Despite the United States sprinting head first towards the fiscal cliff, fiscal prudence is not yet coming to Washington. Fiscal prudence, to define it for the purposes of this article, is to couple tax increases with spending cuts over the long run. The approach would ensure that the United States doesn’t fall back into recession anytime soon nor continue running up deficits at an unsustainable pace in the years to come. President Obama ran a campaign and won the office of the Presidency on such a balanced approach. Exit polls revealed that ~60% of the American public agrees that taxes on the wealthy should be raised.
Avoiding the fiscal cliff, for many is a no-brainer. What’s the hold up?
Republicans. Republicans, or at least a large bloc of them, again complain that raising taxes on the richest Americans is a punitive tax; perhaps their strongest arguments are that the higher taxes punish job creators and would by extension reduce employment.
What is worth highlighting here is that even these arguments do not hold any water. The nonpartisan Congressional Research Service (CRS) issued a report on December 12, 2012, which looked at the relationship between top tax rates and economic growth over the last several decades. The report finds:
Throughout the late-1940s and 1950s, the top marginal tax rate was typically above 90%; today it is 35%. Additionally, the top capital gains tax rate was 25% in the 1950s and 1960s, 35% in the 1970s; today it is 15%. The real GDP growth rate averaged 4.2% and real per capita GDP increased annually by 2.4% in the 1950s. In the 2000s, the average real GDP growth rate was 1.7% and real per capita GDP increased annually by less than 1%. This analysis finds no conclusive evidence, however, to substantiate a clear relationship between the 65-year reduction in the top statutory tax rates and economic growth.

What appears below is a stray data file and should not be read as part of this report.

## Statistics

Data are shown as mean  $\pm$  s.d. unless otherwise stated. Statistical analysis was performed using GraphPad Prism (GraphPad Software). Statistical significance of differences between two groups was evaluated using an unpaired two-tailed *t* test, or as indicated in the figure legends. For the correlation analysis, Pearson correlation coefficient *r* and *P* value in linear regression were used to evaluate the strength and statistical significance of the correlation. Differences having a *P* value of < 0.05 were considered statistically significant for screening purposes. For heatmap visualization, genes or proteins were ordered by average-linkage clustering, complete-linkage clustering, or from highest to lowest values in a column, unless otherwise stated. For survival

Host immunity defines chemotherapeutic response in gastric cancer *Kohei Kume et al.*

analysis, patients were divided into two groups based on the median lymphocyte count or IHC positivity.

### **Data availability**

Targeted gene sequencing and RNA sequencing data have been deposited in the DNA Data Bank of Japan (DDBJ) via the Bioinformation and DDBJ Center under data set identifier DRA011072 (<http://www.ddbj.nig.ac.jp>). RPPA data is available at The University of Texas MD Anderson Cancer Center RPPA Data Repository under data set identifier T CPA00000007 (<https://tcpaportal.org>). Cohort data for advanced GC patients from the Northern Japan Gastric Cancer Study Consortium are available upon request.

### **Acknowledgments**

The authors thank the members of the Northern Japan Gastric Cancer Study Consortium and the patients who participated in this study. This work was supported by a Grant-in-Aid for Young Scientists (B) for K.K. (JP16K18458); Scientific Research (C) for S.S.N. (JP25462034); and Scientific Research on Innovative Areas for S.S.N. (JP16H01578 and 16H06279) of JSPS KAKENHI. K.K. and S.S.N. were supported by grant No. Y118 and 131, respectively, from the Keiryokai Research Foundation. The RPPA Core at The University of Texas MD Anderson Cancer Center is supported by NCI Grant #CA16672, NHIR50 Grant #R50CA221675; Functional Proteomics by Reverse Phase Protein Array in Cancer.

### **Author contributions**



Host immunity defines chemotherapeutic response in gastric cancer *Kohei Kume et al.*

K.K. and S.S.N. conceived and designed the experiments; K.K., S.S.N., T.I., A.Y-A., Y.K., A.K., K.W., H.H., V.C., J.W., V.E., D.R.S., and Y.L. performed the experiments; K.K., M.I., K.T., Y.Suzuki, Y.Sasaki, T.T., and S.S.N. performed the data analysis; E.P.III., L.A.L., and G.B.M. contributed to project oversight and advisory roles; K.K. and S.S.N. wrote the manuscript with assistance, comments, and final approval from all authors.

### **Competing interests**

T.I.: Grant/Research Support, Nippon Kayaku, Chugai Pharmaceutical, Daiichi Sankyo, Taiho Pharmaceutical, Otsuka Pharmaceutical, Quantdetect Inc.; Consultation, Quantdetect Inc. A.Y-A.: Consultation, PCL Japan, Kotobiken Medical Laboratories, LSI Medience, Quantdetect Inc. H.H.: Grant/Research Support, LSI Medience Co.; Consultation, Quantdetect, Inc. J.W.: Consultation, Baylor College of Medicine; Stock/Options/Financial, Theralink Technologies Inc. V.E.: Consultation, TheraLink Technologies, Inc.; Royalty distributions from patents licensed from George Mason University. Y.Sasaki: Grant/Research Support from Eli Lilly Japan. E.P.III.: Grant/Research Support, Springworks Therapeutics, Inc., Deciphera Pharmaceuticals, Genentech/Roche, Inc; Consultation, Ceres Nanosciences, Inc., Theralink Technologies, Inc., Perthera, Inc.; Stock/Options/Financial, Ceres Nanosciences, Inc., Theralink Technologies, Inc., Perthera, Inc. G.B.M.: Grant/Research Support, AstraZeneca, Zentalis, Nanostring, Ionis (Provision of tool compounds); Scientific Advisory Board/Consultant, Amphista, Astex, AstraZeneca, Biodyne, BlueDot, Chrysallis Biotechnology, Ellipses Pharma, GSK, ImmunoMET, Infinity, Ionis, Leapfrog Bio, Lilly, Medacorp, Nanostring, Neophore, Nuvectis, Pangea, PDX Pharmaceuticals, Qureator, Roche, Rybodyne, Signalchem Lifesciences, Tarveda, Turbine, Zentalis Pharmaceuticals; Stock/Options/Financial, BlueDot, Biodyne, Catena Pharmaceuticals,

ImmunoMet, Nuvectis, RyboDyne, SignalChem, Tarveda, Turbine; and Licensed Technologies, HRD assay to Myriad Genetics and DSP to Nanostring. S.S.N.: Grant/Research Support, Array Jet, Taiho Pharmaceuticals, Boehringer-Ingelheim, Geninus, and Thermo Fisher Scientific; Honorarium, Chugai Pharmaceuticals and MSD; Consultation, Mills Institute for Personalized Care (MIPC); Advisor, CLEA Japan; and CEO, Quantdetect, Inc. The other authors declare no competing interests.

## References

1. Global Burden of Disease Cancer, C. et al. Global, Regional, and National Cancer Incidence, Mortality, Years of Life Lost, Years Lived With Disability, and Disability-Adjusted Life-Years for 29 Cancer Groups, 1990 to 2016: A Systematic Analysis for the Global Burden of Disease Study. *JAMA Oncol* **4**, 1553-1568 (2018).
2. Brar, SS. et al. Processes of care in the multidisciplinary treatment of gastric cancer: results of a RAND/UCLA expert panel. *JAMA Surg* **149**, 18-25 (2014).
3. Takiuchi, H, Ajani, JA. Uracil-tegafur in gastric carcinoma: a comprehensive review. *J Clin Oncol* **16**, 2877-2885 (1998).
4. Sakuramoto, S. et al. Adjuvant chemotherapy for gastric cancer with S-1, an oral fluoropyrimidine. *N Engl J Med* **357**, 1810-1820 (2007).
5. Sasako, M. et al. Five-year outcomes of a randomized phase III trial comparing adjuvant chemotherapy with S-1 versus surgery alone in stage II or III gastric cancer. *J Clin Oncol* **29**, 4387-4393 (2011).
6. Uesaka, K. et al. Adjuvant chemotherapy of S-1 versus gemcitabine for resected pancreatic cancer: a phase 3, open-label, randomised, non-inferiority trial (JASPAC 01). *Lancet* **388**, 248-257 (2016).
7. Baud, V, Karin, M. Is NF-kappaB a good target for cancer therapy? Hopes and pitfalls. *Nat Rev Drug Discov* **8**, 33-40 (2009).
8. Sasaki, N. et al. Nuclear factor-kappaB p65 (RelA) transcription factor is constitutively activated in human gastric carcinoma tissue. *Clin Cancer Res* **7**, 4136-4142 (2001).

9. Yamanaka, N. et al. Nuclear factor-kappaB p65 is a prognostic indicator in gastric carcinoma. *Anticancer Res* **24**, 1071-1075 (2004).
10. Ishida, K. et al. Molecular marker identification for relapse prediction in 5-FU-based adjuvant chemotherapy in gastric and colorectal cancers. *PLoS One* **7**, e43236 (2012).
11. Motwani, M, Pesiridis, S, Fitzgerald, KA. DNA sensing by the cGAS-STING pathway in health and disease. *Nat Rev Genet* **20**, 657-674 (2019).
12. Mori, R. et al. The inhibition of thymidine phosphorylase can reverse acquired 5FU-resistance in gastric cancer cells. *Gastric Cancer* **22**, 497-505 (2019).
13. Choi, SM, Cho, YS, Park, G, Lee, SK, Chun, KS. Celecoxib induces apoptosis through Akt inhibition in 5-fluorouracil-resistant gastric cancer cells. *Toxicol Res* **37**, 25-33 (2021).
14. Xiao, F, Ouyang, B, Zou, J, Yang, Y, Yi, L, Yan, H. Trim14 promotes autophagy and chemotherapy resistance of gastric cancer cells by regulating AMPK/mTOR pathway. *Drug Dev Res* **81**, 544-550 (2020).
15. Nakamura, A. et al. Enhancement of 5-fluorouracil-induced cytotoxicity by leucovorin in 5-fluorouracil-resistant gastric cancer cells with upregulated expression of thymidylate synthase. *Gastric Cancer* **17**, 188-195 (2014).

President Obama is not suggesting that top marginal tax return to anywhere near the 90% level in the 1950’s, nor even suggesting that the top marginal tax rate go to 75%, as just happened in France. Instead, the top marginal tax would rise from 35% to 39.6%, to where they had been under President Clinton and more in line with historical norms. And because the CRS study reveals no significant correlation between economic growth and higher tax rates, businesses and job creators should know that growth and prosperity is no less possible. In fact, if the new revenues are used to pay down the debt or create a better educated workforce, then we all become better off.
With all this said, Republicans remain skeptical. The CRS report, originally issued in September, drew significant criticism from the right, forcing the report to be updated and re-released in December. As with global warming, evolution, and Nate Silver’s accurately predicting the Presidential outcome in all fifty states, scientific evidence and thoughtful, nonpartisan analysis can seldom trump hard-core ideologues. The inconvenient evidence is instead ignored.
Unfortunately, the no-compromise approach is once again wreaking havoc. With prudent policymaking jettisoned in favor of ideology, America is not only going to take a nosedive right over the cliff, but it’s going to be a bumpy and costly ride just to get there.
To see the CRS study, click the following link: http://www.fas.org/sgp/crs/misc/R42729.pdf
The CRS study is entitled “Taxes and the Economy: An Economic Analysis of the Top Tax Rates Since 1945 (Updated),” by Thomas Hungerford.